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Mary Anning (1799-1847)

Portrait of Mary Anning    Portrait of Mary Anning by Benjamin John Merifield Donne, 1850. (GSL/POR/1)
The artist Benjamin Donne knew Mary Anning when he was a boy, his school in Lyme Regis was close to Anning's fossil shop. The portrait, which is a copy of the 1842 painting by an unknown artist [possibly William Gray (1818-fl 1883)], was drawn when Donne was 19 years of age, around three years after Anning's death.

Mary Anning was born on 21 May 1799 in Lyme Regis. Her parents Richard Anning (c.1766-1810), a cabinet-maker and carpenter, and mother Mary had at least ten children, with only two surviving to adulthood – Mary Anning and her brother Joseph (1796-1849).

Her father Richard was known locally as a fossil collector, selling his finds to tourists who flocked to the seaside resort at the end of the 18th century. However his death in November 1810 left his family with £120 of debts and having to rely on relief given by the Overseers of the Parish Poor.  

Both Joseph and Mary had been tutored by their father in how to collect fossils. Their first major find, an Ichthyosaur, was discovered by her and her brother in two sections in 1811 and 1812. Other examples of this fossil ‘crocodile’ had been found before, but this was the first to come to the attention of gentlemen scientists in London one of whom, Everard Home, described it in a paper read before the Royal Society in 1814. It was to make her name.

Mary’s second major discovery was of a nine feet long animal, with a small head like a turtle but very long neck. It was described at the Geological Society’s meeting of 20 February 1824 and was recognised by William Daniel Conybeare as being a virtually complete example of a Plesiosaurus. The find not only established the Anning family credentials as fossil dealers, but Mary became a draw in her own right. 

Tourists came to Lyme to not only buy fossils but to see her. Lady Harriet Silvester (1753-1843) visited Mary on 17 September 1824 and noted in her diary:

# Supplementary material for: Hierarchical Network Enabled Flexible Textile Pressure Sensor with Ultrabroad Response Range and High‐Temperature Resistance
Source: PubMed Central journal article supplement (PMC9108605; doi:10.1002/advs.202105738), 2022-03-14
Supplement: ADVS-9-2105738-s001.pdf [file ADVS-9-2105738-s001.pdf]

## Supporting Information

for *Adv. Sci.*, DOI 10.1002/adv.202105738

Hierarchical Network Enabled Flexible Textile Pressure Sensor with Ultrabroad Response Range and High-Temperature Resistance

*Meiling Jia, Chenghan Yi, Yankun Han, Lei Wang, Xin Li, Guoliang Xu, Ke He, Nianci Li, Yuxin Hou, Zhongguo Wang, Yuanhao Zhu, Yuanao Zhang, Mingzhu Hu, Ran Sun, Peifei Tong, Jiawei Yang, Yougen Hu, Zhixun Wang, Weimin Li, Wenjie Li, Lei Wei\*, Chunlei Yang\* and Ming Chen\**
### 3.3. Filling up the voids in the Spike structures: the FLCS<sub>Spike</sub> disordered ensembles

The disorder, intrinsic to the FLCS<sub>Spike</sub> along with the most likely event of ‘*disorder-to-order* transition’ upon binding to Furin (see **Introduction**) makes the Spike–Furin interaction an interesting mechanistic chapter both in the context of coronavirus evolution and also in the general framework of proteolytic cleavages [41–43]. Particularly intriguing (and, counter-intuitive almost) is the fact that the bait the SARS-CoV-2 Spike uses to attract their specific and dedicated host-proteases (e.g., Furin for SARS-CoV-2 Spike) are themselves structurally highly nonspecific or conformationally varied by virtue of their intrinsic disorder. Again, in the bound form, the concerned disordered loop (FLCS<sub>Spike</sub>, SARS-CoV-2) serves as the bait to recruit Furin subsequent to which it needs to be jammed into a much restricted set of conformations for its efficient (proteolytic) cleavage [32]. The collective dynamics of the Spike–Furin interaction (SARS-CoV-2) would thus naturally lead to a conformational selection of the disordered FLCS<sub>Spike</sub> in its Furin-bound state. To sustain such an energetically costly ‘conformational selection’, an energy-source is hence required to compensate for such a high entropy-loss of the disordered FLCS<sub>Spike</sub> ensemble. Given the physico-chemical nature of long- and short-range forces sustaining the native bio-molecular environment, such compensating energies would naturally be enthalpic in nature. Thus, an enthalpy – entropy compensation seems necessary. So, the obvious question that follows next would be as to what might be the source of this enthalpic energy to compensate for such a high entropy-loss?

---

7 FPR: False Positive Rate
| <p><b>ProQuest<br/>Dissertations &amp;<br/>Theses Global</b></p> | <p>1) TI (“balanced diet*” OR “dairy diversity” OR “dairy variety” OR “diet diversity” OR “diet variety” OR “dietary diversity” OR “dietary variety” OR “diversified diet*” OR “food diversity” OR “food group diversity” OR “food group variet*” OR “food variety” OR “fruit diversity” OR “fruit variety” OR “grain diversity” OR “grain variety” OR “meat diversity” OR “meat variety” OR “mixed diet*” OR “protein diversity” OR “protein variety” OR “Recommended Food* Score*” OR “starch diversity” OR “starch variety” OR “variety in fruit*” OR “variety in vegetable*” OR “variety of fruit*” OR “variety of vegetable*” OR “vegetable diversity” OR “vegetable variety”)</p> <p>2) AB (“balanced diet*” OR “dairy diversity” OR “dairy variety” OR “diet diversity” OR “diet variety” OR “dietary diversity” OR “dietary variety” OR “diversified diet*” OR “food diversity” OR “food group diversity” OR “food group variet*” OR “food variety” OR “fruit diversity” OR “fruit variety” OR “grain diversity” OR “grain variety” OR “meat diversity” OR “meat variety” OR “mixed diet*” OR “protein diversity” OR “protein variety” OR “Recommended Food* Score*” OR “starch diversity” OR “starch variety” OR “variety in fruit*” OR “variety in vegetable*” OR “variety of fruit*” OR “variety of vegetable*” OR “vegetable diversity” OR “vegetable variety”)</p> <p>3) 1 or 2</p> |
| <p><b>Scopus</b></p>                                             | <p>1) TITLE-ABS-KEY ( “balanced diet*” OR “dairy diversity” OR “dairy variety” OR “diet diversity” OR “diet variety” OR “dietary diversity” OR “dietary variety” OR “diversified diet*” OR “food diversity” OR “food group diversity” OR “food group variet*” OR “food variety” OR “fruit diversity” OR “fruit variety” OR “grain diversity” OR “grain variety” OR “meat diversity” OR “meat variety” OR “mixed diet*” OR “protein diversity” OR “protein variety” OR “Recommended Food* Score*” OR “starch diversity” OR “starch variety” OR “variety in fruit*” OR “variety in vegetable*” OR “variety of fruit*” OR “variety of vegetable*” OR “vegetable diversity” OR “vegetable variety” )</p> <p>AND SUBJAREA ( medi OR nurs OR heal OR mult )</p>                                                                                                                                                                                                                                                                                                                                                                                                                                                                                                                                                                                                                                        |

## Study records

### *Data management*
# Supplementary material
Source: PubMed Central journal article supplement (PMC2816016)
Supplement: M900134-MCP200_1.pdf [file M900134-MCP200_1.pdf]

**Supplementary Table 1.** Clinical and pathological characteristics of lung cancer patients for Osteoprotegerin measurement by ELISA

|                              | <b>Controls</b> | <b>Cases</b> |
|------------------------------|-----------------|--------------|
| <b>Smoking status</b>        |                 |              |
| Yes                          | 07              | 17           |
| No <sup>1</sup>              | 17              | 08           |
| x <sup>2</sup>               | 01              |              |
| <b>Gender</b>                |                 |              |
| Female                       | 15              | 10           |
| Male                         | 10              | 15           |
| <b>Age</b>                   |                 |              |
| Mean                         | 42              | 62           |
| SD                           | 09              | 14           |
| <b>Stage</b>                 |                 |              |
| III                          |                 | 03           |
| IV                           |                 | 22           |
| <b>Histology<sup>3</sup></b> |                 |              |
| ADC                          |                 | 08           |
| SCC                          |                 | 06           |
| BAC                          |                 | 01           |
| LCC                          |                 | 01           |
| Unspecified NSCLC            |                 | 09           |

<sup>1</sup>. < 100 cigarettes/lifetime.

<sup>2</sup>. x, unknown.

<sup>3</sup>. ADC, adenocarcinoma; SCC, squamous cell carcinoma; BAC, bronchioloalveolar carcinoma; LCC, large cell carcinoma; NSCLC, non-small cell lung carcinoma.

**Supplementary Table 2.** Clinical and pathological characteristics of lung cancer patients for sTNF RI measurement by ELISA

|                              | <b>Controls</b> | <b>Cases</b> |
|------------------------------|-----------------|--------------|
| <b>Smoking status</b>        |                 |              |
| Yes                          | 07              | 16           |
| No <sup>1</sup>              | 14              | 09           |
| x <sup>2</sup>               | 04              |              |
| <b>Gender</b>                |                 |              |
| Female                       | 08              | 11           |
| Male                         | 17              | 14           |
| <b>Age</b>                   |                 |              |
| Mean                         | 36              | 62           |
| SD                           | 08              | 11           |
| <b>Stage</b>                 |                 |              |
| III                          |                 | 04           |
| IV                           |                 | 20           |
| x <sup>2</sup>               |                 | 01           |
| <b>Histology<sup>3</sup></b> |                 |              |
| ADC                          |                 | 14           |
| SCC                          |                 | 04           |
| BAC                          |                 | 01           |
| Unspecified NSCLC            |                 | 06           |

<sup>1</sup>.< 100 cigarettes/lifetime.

“the extraordinary thing in this young woman is that she has made herself so thoroughly acquainted with the science that the moment she finds any bones she knows to what tribe they belong.  She fixes the bones on a frame with cement and then makes drawings and has them engraved...It is certainly a wonderful instance of divine favour – that this poor, ignorant girl should be so blessed, for by reading and application she has arrived to that degree of knowledge as to be in the habit of writing and talking with professors and other clever men on the subject, and they all acknowledge that she understands more of the science than anyone else in this kingdom.”


Other discoveries were to follow, such as the ink bags from fossilised squids which could then be ground down to be made in fossil ink. ‘Coprolites’, that is fossil faeces were identified by Mary as early as 1824 and in 1828 saw her third major find, that of a fossil flying reptile [Pterodactylus]. In December 1829 she discovered the fossil fish Squaloraja, seen as the intermediary between sharks and rays and in 1830 her last important find, that of the Plesiosaurus macrocephalus (named by William Buckland in 1836).

By the 1840s, her large fossil finds (and the income they derived) had all but dried up. However, in recognition of her achievements, she received three different annuities and subscriptions raised by the scientific community in the last decade of her life. She died at the age of 47 years of breast cancer.

 Proteosaurus small   Engraving of a 'Proteo-saurus', 1819
 Plesiosaur   Watercolour painting of a Plesiosaurus macrocephalus, [1838]
 Duria Antiquior    'Duria Antiquior', 1837
 Letter from Mary Anning    Letter from Mary Anning, [1833]
 Squaloraja    ‘Squalo-raja (Spinacorhinus) polyspondila Agassiz’, [1834-1836]